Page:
During my thesis research about societal situations structured by design I have been finding very interest examples of creative collaboration. However is still a field in development that does not have very well defined boundaries between the different fields, sometimes is more artistic, sometimes is more psycho-therapeutical, political, marketing, and so on. Participatory developments are methodologies with a huge potential, they are demanded by the societies, they are interesting opportunities for businesses, and even a comfortable way for governments to invest in culture. Therefore I consider important to start critic discussions in every field about the subject. I found recently the research work of Claire Bishop and although it still have many opportunity areas it is a breakthrough for the contemporary concept of relational aesthetics. Here I resume some important thoughts from an interview between her and Jennifer Roche. I would be very rewarding to hear some comments about it.
Socially Engaged Art, Critics and Discontents: An Interview with Claire Bishop
By Jennifer Roche
Socially engaged art, community-based art, experimental communities, dialogic art, littoral art, participatory, interventionist, research-based and collaborative art.
In socially engaged art, critic Claire Bishop believes the aesthetic is being sacrificed on the altar of social change.
“Artists are increasingly judged by their working process — the degree to which they supply good or bad models of collaboration,”
“There can be no failed, unsuccessful, unresolved, or boring works of collaborative art because all are equally essential to the task of strengthening the social bond,”
Bishop draws on the notion of the aesthetic as defined by philosopher Jacques Rancière, who said that the aesthetic is the “ability to think contradiction.” “For Rancière,” writes Bishop, “the aesthetic doesn’t need to be sacrificed at the altar of social change, as it already inherently contains this ameliorative process.” In other words, art heals. No need to hurry it along
“Their work joins a tradition of highly authored situations that fuse social reality with carefully calculated artifice,” Bishop says of Deller and the others. Like Dadaism before them, they created “intersubjective relations (that) weren’t an end in themselves but rather served to unfold a more complex knot of concerns about pleasure, visibility, engagement, and the conventions of social interaction.”
Bishop clearly wishes to shed the recurring ethical themes in the critical discourse, which she often describes as Christian ideals of self-sacrifice and “good souls,” in favour of embracing the contradiction that naturally arises from the artist’s intentions.
I would like to argue that the best collaborative practices need to be thought of in terms other than their ameliorative consequences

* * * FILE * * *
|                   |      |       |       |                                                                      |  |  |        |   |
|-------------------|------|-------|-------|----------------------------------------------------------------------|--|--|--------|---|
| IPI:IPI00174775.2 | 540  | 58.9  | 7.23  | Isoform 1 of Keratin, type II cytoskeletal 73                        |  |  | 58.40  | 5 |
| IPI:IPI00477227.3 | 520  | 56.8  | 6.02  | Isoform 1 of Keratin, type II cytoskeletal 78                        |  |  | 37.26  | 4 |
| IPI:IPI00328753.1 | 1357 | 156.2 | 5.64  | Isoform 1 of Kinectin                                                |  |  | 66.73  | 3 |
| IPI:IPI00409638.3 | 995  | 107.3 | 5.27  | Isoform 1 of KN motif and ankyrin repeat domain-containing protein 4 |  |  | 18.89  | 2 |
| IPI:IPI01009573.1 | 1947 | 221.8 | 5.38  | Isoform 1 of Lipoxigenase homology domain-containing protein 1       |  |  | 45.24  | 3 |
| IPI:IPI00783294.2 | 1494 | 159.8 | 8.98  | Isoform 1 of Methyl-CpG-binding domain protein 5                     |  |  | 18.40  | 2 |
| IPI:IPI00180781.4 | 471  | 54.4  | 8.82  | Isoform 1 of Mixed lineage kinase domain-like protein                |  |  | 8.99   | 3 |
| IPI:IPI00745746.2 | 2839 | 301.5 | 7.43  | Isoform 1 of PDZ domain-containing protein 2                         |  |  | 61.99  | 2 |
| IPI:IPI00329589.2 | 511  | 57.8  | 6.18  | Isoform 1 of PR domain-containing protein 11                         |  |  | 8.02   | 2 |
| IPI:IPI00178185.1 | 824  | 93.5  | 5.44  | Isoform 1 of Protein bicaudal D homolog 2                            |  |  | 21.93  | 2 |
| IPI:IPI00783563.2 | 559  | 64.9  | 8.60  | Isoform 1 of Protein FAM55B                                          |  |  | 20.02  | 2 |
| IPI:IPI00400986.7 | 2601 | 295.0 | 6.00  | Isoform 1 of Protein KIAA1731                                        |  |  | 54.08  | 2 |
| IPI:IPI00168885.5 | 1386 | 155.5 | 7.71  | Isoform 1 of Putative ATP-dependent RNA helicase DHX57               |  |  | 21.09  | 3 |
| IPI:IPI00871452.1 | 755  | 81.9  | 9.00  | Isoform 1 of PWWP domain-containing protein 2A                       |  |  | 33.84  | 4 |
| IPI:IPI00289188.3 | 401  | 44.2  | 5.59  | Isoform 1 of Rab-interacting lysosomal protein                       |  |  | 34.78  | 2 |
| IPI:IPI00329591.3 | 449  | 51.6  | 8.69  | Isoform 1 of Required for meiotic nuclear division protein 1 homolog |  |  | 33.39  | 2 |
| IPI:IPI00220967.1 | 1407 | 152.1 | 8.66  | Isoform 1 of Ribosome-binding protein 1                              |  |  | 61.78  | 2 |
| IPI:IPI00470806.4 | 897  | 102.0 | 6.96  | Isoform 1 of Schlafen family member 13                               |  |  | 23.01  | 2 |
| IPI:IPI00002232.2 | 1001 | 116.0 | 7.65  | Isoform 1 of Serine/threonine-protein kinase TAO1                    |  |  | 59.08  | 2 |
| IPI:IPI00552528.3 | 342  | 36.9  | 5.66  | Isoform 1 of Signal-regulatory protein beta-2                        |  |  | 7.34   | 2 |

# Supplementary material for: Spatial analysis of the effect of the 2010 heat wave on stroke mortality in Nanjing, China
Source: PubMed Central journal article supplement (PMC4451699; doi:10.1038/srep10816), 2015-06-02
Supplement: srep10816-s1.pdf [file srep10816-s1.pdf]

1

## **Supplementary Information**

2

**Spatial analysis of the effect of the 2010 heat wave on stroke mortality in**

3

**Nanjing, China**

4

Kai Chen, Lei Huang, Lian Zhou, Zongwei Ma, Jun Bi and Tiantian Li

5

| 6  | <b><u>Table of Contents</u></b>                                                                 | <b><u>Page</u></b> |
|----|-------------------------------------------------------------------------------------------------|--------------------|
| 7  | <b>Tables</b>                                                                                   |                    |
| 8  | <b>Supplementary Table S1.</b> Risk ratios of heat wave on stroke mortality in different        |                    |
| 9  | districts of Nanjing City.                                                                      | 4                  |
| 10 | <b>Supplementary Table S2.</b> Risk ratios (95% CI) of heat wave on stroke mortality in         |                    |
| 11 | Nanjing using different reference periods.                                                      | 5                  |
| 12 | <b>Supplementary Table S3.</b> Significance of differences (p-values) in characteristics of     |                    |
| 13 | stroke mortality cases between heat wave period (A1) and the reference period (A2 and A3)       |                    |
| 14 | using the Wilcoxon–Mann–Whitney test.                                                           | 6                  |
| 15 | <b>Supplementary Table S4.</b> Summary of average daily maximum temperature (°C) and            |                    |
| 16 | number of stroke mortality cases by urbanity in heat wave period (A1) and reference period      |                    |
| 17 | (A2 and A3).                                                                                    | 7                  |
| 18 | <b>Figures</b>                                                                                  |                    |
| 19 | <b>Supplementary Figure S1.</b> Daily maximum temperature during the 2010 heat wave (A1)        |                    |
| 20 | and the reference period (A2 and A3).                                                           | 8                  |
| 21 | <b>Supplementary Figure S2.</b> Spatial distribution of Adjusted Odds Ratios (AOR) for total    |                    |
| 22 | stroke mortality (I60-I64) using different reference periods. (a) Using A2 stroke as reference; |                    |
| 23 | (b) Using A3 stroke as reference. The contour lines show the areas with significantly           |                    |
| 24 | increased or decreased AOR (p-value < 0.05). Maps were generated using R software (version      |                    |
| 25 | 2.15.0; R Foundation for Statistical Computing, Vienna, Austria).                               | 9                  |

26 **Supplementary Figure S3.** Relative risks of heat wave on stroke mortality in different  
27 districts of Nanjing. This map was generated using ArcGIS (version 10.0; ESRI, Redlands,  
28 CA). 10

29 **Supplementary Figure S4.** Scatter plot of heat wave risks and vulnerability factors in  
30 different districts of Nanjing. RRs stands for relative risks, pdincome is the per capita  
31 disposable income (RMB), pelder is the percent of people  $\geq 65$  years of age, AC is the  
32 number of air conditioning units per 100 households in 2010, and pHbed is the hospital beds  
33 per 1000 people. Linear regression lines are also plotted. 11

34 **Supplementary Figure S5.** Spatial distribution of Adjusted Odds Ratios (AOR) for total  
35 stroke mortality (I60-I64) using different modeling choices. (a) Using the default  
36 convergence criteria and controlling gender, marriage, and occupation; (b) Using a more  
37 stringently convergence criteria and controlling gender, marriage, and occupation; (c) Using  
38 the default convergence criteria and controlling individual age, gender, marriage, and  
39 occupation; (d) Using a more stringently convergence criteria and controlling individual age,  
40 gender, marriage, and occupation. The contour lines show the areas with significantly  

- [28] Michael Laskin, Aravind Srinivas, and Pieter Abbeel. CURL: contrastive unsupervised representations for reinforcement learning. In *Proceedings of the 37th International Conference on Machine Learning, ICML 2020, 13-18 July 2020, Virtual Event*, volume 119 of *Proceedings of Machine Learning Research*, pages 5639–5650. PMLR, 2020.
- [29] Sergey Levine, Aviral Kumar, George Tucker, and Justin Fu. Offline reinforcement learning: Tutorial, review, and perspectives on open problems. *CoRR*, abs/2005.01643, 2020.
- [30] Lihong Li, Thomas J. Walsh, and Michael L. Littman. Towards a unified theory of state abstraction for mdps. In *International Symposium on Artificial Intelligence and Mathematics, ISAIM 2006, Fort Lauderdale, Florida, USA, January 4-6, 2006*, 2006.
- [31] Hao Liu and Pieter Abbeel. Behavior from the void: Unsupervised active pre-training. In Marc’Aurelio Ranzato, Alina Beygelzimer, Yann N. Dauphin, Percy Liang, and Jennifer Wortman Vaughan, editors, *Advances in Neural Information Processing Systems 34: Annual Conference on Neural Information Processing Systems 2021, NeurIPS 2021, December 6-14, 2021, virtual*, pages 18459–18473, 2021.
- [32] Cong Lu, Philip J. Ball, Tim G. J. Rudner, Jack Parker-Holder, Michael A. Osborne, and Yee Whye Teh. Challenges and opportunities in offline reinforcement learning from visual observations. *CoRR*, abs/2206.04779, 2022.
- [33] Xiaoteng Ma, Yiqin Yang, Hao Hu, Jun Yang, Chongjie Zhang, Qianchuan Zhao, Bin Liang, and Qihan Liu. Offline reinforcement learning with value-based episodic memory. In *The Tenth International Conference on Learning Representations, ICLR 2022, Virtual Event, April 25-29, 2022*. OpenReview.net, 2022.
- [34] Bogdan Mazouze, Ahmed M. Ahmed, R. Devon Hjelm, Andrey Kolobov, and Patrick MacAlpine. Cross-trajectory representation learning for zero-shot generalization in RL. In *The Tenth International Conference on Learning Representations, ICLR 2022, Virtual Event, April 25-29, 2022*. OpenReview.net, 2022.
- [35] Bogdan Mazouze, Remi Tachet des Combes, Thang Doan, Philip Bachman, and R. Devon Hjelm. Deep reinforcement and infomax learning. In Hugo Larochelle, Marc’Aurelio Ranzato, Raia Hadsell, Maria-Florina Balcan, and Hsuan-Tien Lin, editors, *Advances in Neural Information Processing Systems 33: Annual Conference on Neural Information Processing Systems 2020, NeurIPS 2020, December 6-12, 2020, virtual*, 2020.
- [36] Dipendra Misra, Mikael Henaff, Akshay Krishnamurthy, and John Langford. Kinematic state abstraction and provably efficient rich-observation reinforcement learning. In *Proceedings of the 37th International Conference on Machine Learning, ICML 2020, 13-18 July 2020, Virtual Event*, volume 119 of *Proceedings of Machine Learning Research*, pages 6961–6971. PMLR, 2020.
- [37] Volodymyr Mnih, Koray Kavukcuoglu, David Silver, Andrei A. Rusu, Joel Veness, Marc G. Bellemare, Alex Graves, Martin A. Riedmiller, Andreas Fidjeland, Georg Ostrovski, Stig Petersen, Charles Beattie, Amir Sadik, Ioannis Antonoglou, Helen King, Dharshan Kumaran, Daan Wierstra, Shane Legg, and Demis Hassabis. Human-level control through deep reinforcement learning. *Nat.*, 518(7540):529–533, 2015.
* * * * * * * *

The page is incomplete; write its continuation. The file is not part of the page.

In this context it is crucial for art practices to tread a careful line between social intervention and autonomy.
My view is inevitably influenced by living in the U.K., where New Labour have for the last nine years instrumentalised art to fulfill policies of social inclusion…
The mere fact of being collaborative, or participatory, or interactive, is not enough to legitimise a work or guarantee its significance.
If we look at the proliferation of collaborative art practices today, it seems that many no longer have the oppositional and anti-authoritarian punch they had in the late 1960s and 1970s – when radical theatre, community arts and critical pedagogy emerged in opposition to dominant modes of social control. Today participation is used by business as a tool for improving efficiency and workforce morale; it is all-pervasive in the mass-media in the form of reality television; and it is a privileged medium for government funding agencies seeking to create the impression of social inclusion.
[Lacan] would argue that the best socially collaborative art does not derive from a superegoic injunction to “love thy neighbour,” but from the position of “do not give up on your desire.”
It requires intelligence and imagination and risk and pleasure and generosity, both from the artists and the participants.
Rethinking the conventions of participation.
Overturning the very premises from which social engagement operates can be both artistically and critically invigorating.
I completely agree that turning to other disciplines can help to sharpen our mode of discussion about works of art, particularly those that step into the social arena.
I resist very strongly – is the idea that art is the “last place” to go for engagement, that it is the only remaining “free space.” This idea is dangerous and lazy.
The situation I would want to avoid is of inconsequential practices that make no impact on either field.